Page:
Divus Vespasian Denarius. Struck by Titus. 80-81 AD. Obv: DIVVS AVGVSTVS VESPASIANVS, laureate head right / Rev: EX-SC, Victory standing left, holding shield on palm; seated captive.
Divus Vespasian Denarius. Struck by Titus. 80-81 AD. Obv: DIVVS AVGVSTVS VESPASIANVS, laureate head right / Rev: EX S C in exergue, empty quadriga advancing left; dash rail surmounted by statuette of quadriga flanked by Victories holding palms & wreaths; car ornamented with figures of Minerva advancing left & brandishing spear, & garlands.
Divus Vespasian Denarius. Struck by Titus 80-81 AD. Obv: DIVVS AVGVSTVS VESPASIANVS, laureate head right / Rev: S C inscribed on shield supported by two capricorns, orb with crosshatching below.
Vespasian worked hard to establish his sons as the heirs to the throne. Even before he was emperor, Titus appeared on Roman Coinage. The front is a bust of Titus with the legend T CAES VESPASIAN IMP PON TR POT COS. This is his formal name and a list of his titles including Caesar, Tribune, and Consul. The reverse is Victory holding a shield, propped up against a palm tree. Titus served as his father’s right hand man and was very loyal to him. He served as the commander of the Praetorian Guard and was able to uncover a plot to overthrow Vespasian in 79 AD. Titus became emperor immediately after Vespasian’s death in 79 AD. Titus was the first Roman emperor to succeed his biological father. This can be seen in the resemblance between the images of Titus and Vespasian on coins.
This is a coin issued in 80 AD to celebrate Titus’s military victories. The obverse of the coin is an image of a trophy, with a female in mourning on the left and a captive male on the right with his hands bound behind him. After Vespasian became emperor, Titus remained in Judea. In 70 AD, Titus laid siege to Jerusalem and sacked the city and destroyed the temple of Jerusalem. Coins celebrating this victory had already been minted under Vespasian. Although it was 10 years after the victory, Titus could have issued this to remind the Roman people of his military triumph or to affirm his capability as a ruler. The coin could also celebrate Agricola’s conquest in Britain from 79-80 AD.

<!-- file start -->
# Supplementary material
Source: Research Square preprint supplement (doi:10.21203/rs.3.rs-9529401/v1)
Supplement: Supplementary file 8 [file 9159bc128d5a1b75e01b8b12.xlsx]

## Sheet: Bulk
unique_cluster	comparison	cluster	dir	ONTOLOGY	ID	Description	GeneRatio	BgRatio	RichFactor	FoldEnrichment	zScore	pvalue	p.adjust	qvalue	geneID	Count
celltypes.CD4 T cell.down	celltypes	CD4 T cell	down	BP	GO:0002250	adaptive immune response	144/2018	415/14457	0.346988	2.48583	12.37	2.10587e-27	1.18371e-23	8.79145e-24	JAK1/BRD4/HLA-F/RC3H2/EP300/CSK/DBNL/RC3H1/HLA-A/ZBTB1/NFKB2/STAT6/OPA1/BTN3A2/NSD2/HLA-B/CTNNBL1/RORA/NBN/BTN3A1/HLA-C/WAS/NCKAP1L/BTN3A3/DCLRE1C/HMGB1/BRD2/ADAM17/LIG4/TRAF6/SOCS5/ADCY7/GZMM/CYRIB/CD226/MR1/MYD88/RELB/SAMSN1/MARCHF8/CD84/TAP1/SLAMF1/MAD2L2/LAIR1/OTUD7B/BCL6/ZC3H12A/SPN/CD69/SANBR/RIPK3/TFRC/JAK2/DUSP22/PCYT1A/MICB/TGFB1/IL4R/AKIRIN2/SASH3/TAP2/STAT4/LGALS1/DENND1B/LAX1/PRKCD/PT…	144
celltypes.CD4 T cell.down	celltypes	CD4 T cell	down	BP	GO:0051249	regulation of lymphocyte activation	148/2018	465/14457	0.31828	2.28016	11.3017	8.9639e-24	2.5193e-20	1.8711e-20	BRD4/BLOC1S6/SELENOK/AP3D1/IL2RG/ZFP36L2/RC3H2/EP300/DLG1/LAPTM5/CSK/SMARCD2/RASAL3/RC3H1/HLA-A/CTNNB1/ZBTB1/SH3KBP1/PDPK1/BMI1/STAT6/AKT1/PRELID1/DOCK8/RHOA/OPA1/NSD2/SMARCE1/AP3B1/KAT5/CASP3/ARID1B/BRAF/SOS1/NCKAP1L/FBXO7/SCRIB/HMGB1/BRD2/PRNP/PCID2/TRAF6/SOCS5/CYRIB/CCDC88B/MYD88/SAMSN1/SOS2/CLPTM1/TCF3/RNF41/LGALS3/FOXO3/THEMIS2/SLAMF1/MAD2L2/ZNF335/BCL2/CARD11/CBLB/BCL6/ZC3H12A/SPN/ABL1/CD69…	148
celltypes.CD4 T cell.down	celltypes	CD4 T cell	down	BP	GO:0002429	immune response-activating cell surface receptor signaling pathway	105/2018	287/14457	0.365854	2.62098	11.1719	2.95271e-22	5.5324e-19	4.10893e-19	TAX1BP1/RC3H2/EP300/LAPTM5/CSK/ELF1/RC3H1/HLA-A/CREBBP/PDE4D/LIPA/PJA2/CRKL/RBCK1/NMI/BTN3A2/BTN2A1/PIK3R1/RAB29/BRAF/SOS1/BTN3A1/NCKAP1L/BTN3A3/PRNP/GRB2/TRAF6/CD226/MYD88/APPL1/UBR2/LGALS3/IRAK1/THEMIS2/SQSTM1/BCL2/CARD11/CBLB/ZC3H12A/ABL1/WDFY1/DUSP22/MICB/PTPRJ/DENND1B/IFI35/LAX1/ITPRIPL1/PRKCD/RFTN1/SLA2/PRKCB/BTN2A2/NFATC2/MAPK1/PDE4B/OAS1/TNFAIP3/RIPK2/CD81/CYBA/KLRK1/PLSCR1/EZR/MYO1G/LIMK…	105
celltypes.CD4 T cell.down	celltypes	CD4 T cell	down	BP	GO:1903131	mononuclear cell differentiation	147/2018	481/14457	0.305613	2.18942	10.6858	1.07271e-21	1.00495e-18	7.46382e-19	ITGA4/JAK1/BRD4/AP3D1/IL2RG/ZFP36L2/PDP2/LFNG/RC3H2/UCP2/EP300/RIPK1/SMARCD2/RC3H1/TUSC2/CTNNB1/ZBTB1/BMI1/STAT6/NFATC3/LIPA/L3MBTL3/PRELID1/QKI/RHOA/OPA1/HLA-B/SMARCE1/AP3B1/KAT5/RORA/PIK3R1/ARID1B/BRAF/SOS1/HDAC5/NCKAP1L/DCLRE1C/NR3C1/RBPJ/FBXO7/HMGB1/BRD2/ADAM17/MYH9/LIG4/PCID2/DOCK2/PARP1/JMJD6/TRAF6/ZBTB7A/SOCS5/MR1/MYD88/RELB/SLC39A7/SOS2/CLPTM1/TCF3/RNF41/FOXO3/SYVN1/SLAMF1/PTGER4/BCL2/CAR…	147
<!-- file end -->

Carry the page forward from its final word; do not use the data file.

Many coins associated with Titus contained images of captives and trophies. Similar to the previous coin, this one has an image if a captive kneeling beneath a trophy.
This coin was issued by Vespasian to celebrate him becoming emperor. The front is a bust of Vespasian and the reverse is Aequitas, who stood for justice and fairness. The interesting part of the coin is the reddish tint on it. This is known as boscoreale toning, which is the result of being buried under ash in Pompeii for millenia. On 24 August 79 AD, Mount Vesuvius erupted and completely buried the cities of Pompeii and Herculaneum. This occurred only two months after he had become emperor in June. Titus responded by donating large amounts of his own money to aid the victims. He also visited the site, but while he was away in 80 AD, a great fire broke out in Rome. This damaged many public buildings and cost Titus even more out of his own treasury.
A coin just like the one pictured above was also discovered at Pompeii. This coin casts doubt on the commonly accepted date of Mount Vesuvius’s eruption. The obverse is a bust of Titus with his usual titles, however one stands out that creates the conflict. The legend on the front includes IMP XV, which means “acclaimed emperor for the 15th time”. Historical sources show that Titus was not awarded imperator for the 15th time until September 79 AD, which is after the date of eruption. Whether or not this disproves the current date of the eruption, it is a mystery as to why this coin was buried there.